2. The Federal Trade Commission Act bans “unfair methods of competition” and “unfair or deceptive acts or practices.”

 

TALK ABOUT WHETHER THESE COMPANIES DIRECTLY VIOLATE EXISTING LAWS, OR IF NEW LAWSWOULD NEEED TO BE MADE TO STOP THEM

  1. GOOD FOR SLIDEDECK Rozenfeld, Monica. “The Consequences of Amazon Becoming a Monopoly.” The Consequences of Amazon Becoming a Monopoly – IEEE – The Institute, The Institute, Nov. 2017, theinstitute.ieee.org/ieee-roundup/blogs/blog/the-consequences-of-amazon-becoming-a-monopoly.
    1. Amazon’s market value as of 30 December was almost US $356 billion, more than the combined value of Best Buy, JCPenney, Kohl’s, Nordstrom, Sears, Target, and Walmart: about $298 billion.”

We will be able to operate with the high level of efficiency of monopolies without the detrimental price fixing and low quality productions that economically naturally occurs without proper regulation.

What we have to do:

While prices remain low, we must ensure that industry leaders know that the government has the authority to shut them down if they begin price fix and prevent competition:

-“The Consequences of Amazon Becoming a Monopoly”

-”The federal government forced AT&T Corp. to split into separate companies in 1982. AT&T at the time was the sole provider of telephone service throughout most of the country—which meant it had full control of pricing and quality of service. “

Good monopolies are possible in today’s modern age:

SDGE CASE STUDY:

Writer, DAVE DOWNEY – Staff. “SDG&E Rebuilding Monopoly: Activists Debate Whether Trend Is Good or Bad.” Sandiegouniontribune.com, San Diego Union Tribune, 28 Aug. 2016, http://www.sandiegouniontribune.com/sdut-sdge-rebuilding-monopoly-activists-debate-whether-2007apr01-story.html.

“The utility is driven by what it can charge for,” Powers said. “They have explicit automatic profit for so-called steel in the ground (plants and wires).” The California Public Utilities Commission determines what level of profit is appropriate. Stephanie Donovan, spokeswoman for San Diego Gas & Electric, said the utility currently is entitled to a 10.7 percent return on its investment

USPS CASE STUDY:

Office, U.S. Government Accountability. “U.S. Postal Service: Key Considerations for Potential Changes to USPS’s Monopolies.” U.S. Government Accountability Office (U.S. GAO), U.S. Postal Service, Key Considerations for Potential Changes to USPS’s Monopolies : Report to Congressional Requesters., 24 July 2017, http://www.gao.gov/products/GAO-17-543.

With regard to USPS’s mailbox monopoly, legislation enacted in 1934 prohibited the delivery of unstamped mail into mailboxes, essentially granting exclusive access to mailboxes (“mailbox monopoly”) to USPS which remains in place to this day.9 The U.S. Supreme Court upheld the constitutionality of the mailbox monopoly in 1981, stating that mailboxes are an essential part of national mail delivery and that postal customers agree to abide by laws and regulations that apply to their mailboxes in exchange for USPS agreeing to deliver and pick up mail.1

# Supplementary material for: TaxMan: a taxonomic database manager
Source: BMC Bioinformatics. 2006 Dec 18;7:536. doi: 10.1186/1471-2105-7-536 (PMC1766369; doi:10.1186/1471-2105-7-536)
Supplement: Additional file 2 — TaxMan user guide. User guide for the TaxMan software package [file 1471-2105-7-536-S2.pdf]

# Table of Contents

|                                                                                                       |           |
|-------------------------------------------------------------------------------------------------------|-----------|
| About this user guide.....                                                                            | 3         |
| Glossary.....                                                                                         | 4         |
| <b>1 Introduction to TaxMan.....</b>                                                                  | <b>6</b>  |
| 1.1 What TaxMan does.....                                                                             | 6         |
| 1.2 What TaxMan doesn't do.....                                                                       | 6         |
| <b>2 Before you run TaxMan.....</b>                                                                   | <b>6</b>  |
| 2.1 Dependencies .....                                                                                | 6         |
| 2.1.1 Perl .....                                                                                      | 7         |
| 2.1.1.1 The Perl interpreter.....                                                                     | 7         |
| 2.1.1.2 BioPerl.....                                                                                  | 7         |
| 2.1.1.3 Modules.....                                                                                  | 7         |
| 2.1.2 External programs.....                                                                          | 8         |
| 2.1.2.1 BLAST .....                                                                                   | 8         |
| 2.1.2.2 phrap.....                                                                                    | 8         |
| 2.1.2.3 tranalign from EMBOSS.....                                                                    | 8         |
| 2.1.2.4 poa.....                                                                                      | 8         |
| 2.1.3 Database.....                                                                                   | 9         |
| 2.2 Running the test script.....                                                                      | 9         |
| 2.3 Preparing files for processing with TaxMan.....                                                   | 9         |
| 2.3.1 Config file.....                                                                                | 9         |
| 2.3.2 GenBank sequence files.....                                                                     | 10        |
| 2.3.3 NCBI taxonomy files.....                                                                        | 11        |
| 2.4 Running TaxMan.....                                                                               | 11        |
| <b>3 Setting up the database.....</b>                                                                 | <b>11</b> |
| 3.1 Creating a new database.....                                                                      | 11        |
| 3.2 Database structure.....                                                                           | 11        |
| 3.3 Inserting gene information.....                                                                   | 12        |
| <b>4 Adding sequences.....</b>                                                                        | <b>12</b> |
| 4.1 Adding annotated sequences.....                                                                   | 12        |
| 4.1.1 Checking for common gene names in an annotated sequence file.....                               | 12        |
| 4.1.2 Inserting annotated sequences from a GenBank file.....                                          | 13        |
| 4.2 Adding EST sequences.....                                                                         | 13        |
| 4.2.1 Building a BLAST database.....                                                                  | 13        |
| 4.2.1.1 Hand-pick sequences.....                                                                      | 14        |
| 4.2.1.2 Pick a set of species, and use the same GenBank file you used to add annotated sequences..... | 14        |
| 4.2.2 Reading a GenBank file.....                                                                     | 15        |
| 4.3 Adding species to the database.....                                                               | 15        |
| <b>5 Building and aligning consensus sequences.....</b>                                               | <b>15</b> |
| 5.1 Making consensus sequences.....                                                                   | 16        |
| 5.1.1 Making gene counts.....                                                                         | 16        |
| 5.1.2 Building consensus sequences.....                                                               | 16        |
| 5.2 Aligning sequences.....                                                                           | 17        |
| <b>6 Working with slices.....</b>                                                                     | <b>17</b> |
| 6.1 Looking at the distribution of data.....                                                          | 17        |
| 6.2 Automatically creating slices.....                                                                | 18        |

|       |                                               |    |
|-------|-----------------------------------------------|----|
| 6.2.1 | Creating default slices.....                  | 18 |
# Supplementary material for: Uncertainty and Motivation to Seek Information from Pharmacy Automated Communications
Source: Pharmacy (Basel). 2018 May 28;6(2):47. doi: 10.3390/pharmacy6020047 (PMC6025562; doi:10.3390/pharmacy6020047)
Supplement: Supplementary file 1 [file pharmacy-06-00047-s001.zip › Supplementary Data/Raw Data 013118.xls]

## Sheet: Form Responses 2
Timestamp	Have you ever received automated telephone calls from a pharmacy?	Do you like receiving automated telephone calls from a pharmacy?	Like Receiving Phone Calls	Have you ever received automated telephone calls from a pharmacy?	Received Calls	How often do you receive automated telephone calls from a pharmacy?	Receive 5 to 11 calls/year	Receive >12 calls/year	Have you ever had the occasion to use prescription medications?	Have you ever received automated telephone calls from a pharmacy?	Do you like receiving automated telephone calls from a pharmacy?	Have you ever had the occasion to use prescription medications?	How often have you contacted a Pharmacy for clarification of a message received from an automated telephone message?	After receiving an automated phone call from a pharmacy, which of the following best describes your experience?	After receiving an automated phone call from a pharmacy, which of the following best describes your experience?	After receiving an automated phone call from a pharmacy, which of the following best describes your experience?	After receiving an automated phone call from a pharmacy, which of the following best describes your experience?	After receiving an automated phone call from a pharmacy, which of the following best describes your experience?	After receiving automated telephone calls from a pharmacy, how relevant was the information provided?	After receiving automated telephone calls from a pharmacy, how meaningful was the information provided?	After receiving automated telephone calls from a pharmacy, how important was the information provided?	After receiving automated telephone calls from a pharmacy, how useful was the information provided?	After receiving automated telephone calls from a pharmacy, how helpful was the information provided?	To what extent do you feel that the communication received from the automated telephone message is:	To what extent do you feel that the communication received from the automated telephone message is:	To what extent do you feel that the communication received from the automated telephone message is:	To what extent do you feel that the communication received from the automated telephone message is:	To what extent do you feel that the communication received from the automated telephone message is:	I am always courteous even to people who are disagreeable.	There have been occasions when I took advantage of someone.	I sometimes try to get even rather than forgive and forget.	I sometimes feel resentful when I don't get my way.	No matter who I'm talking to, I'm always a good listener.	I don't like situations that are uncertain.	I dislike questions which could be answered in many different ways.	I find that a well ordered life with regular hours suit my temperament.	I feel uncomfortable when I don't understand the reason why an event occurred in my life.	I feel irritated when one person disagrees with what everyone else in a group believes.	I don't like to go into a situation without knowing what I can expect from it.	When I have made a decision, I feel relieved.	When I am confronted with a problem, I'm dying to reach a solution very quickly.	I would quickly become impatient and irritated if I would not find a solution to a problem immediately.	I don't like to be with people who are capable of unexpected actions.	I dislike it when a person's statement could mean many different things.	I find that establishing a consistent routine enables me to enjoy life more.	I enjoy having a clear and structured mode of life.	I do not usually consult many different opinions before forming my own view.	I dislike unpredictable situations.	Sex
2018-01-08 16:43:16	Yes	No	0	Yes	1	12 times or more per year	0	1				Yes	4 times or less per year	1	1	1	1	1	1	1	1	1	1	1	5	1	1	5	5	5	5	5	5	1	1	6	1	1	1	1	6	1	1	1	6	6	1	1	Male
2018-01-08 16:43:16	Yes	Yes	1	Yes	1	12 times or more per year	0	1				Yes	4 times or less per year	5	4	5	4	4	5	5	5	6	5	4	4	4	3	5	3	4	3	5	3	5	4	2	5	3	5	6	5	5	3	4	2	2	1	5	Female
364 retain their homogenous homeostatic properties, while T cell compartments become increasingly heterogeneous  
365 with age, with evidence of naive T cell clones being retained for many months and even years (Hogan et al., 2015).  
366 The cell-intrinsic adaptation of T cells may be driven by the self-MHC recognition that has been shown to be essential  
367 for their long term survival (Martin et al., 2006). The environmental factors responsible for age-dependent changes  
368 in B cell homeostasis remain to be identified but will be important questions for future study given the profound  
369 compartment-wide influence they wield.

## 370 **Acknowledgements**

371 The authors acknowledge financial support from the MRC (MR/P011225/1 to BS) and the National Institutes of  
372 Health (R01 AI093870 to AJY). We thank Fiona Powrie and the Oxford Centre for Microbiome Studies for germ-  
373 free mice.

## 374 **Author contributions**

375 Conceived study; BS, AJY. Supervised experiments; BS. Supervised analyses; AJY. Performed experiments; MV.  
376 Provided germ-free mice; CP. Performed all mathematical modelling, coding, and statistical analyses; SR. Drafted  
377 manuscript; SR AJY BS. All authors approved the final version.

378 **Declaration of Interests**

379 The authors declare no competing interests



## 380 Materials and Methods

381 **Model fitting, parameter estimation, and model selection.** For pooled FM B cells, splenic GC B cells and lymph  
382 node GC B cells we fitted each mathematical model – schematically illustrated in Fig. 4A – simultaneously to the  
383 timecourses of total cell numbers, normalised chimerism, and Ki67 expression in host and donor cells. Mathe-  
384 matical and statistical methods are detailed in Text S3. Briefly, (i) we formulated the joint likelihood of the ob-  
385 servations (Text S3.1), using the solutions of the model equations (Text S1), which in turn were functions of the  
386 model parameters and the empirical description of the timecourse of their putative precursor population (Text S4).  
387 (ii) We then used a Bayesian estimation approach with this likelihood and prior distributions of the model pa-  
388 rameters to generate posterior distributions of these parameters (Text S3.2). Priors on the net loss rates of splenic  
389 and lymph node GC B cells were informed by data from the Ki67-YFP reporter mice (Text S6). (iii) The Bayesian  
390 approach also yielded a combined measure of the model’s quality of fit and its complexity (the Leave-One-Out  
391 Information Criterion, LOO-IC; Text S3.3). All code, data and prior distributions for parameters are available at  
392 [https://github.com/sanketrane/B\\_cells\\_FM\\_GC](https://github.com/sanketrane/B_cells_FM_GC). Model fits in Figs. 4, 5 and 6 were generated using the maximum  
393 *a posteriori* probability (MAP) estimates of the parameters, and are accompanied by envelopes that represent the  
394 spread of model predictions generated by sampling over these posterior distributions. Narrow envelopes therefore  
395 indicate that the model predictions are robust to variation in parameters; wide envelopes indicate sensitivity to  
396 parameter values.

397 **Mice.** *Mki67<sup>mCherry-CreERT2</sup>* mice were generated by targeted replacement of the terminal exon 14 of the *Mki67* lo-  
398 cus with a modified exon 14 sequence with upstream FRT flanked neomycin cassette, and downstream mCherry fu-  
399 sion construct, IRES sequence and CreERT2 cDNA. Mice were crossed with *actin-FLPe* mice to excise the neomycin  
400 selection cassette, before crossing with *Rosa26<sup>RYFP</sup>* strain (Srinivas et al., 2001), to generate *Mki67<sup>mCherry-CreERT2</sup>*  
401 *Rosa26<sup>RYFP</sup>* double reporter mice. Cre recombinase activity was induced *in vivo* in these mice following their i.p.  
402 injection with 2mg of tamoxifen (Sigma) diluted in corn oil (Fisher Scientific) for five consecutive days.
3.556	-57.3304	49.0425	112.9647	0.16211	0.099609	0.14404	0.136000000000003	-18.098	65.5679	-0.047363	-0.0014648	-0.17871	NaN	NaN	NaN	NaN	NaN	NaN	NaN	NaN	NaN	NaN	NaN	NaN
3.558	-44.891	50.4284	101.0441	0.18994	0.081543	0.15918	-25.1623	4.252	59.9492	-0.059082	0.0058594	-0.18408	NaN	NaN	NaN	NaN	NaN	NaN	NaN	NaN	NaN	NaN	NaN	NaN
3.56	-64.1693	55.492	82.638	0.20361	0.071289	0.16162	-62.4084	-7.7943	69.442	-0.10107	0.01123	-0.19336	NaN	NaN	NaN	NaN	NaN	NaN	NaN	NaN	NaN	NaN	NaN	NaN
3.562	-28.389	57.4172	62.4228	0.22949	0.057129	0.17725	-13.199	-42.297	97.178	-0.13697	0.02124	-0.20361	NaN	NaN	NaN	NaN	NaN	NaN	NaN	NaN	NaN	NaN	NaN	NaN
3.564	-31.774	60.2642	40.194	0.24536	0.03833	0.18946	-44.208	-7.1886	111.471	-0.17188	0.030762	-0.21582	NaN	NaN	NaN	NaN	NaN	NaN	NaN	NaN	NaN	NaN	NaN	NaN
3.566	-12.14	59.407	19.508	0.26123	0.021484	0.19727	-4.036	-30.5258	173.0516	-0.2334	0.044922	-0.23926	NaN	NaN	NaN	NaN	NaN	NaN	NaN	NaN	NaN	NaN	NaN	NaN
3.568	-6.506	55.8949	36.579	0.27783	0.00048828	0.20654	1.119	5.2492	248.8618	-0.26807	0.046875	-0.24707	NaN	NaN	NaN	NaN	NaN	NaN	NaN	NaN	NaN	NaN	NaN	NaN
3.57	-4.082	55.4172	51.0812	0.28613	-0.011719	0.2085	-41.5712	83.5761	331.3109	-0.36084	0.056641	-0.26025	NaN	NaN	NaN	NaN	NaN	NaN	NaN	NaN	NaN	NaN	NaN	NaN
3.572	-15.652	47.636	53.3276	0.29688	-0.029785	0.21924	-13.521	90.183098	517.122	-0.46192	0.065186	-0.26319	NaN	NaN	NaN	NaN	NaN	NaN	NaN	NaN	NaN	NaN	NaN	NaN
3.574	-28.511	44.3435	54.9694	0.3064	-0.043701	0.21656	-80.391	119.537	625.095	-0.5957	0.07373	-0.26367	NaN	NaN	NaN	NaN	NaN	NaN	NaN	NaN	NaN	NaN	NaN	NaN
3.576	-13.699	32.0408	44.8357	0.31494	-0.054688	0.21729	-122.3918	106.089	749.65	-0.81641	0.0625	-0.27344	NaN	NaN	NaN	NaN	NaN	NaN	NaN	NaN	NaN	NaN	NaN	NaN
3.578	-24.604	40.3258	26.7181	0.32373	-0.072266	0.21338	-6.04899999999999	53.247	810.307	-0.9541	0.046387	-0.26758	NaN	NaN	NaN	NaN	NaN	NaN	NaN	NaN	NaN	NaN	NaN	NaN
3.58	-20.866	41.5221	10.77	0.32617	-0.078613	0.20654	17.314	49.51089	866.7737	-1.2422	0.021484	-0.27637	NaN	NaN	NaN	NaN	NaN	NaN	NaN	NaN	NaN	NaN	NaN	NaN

USPS’s mission is to provide universal delivery service while operating as a self-financing entity. Congress has provided USPS with monopolies to deliver letter mail and access mailboxes to protect its revenues, which enables it to fulfill its universal service mission, among other reasons.

Maybe monopolies cannot operate today as they once did because market entry is MUCH LOWER? (They cannot eliminate all competition and fix prices since others will be able to compete always)

  1. Peters, Scott. “How Evolving Tech Has Changed Music Production.” TechCo, TechCo, 25 Jan. 2016, tech.co/music-production-evolution-2016-01.
    1. “By eliminating the necessity of a third party (the record label) musicians are now able to deal directly with their audience. This brings with it benefits and conflicts, as creative control is returned to musicians they also find themselves responsible for the business side of the music industry. Self-promotion has never been more important, but it’s also never been easier or cheaper. Social media and online advertisement are powerful sources to those in the entertainment space.”
  2. Potts, Liza. “Amanda Palmer and the #LOFNOTC: How Online Fan Participation Is Rewriting Music Labels.” Participations, Participations, Nov. 2012, http://www.participations.org/volume%209/issue%202/20%20Potts.pdf.
    1. “ labels have used the strategy of aggressively trying to control content, individual artists have found success in leveraging technology to remove these barriers between artists and their audiences.”
    2. Case Study: Amanda Palmer working around her labels.
      1. Works with idea that
    3. Branding is able to done through social media, without the usage of music labels
      1. “The Record Labels Of The Future Are Already Here”
        1. “ native branding on social media sites, perhaps at the expense of immediate incremental revenue.”
  • Amanda Palmer “In addition to her own blog, website, and forum, Palmer has a presence across numerous social sites such as Twitter, YouTube, Vimeo, Facebook, Instagram, and MySpace. An earlier adopter, she has quickly learned how to move across these spaces, communicating with her fans, distributing her materials to them, and sharing their work with a wider audience.”

LOWER COST OF STARTUPS